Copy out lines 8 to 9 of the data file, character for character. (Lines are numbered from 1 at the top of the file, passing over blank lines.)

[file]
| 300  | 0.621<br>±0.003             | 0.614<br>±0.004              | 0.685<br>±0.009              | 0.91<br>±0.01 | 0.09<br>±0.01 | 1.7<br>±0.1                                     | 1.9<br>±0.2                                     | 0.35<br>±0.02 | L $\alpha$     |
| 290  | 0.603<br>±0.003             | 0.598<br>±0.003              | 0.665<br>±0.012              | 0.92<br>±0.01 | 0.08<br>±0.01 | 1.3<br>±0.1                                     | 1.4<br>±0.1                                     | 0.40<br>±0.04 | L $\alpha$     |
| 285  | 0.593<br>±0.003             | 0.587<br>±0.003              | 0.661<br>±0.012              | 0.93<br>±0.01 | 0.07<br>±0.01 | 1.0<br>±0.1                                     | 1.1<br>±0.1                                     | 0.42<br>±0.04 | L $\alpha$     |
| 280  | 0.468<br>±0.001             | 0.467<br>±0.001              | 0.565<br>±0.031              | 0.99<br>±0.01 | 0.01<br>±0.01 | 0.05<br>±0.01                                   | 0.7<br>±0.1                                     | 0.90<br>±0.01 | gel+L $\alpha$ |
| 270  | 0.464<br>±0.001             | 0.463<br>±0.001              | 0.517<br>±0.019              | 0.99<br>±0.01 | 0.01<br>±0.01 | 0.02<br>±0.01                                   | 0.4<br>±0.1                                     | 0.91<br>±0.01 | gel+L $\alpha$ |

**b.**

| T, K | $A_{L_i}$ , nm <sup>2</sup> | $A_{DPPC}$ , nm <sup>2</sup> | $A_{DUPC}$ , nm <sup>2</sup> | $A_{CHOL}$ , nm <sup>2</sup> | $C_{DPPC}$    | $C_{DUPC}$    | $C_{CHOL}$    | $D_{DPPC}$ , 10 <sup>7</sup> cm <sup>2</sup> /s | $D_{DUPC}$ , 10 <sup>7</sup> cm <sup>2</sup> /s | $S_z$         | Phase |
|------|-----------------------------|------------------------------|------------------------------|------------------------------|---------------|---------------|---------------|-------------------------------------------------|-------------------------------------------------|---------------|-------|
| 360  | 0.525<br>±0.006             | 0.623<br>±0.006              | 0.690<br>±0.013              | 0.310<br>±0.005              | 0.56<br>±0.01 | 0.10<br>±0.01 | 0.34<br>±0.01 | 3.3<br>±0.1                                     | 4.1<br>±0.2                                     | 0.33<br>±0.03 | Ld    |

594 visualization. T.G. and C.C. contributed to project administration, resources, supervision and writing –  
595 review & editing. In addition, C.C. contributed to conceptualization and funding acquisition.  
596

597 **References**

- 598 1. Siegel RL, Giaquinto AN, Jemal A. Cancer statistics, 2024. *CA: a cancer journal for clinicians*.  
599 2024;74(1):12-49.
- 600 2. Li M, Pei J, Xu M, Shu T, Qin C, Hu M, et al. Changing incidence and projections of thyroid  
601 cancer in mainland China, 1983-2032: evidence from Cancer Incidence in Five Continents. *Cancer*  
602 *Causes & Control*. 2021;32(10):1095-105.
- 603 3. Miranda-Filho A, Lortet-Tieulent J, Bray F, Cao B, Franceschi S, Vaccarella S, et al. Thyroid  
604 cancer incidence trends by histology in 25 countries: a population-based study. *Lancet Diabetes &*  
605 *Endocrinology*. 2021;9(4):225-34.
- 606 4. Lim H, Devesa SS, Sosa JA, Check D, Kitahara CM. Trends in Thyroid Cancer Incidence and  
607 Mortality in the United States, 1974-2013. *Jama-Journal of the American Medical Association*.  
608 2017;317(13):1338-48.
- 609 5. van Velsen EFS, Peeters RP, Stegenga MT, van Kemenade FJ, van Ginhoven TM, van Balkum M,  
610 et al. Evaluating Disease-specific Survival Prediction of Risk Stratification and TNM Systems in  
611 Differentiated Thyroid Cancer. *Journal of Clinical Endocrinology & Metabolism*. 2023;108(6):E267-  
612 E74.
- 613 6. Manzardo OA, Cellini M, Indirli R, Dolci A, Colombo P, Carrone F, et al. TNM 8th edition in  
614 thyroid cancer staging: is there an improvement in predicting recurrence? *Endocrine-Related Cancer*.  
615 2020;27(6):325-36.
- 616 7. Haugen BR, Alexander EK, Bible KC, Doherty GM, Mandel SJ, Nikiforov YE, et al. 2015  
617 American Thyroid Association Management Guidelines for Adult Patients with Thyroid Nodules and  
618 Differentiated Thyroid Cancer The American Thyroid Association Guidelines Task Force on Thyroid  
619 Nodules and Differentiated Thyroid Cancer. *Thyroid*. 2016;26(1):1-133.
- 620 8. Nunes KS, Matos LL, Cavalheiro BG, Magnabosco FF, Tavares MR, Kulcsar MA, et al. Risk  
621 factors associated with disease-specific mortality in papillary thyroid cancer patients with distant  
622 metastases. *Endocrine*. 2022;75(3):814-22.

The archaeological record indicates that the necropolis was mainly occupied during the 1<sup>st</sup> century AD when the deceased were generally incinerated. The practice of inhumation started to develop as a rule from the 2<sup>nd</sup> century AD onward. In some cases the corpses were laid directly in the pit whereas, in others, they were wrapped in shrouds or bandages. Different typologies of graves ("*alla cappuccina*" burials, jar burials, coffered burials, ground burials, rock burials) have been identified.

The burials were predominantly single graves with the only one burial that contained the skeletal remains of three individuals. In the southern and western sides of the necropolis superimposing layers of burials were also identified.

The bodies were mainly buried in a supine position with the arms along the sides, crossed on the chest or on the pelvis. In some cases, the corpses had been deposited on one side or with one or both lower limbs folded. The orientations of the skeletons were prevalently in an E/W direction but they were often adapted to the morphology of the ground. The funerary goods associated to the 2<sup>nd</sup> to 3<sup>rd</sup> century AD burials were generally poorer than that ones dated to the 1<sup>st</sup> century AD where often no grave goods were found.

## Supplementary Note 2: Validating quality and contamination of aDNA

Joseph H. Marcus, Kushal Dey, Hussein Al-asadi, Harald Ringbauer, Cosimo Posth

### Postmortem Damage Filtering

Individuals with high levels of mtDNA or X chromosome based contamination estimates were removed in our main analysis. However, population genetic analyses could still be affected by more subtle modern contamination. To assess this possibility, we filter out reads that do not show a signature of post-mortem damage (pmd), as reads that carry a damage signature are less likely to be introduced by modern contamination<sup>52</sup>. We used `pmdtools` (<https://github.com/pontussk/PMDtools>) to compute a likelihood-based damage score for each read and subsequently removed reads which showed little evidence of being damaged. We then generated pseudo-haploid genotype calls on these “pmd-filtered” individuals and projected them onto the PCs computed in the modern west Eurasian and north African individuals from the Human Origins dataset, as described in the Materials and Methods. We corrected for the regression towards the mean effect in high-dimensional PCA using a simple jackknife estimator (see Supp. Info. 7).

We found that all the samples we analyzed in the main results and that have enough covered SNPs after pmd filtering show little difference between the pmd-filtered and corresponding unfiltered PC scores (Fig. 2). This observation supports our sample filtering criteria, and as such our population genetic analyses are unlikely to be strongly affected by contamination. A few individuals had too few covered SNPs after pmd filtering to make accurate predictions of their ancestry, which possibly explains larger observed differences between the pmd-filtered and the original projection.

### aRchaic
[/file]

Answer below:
|------|-----------------------------|------------------------------|------------------------------|------------------------------|---------------|---------------|---------------|-------------------------------------------------|-------------------------------------------------|---------------|-------|
| 360  | 0.525<br>±0.006             | 0.623<br>±0.006              | 0.690<br>±0.013              | 0.310<br>±0.005              | 0.56<br>±0.01 | 0.10<br>±0.01 | 0.34<br>±0.01 | 3.3<br>±0.1                                     | 4.1<br>±0.2                                     | 0.33<br>±0.03 | Ld    |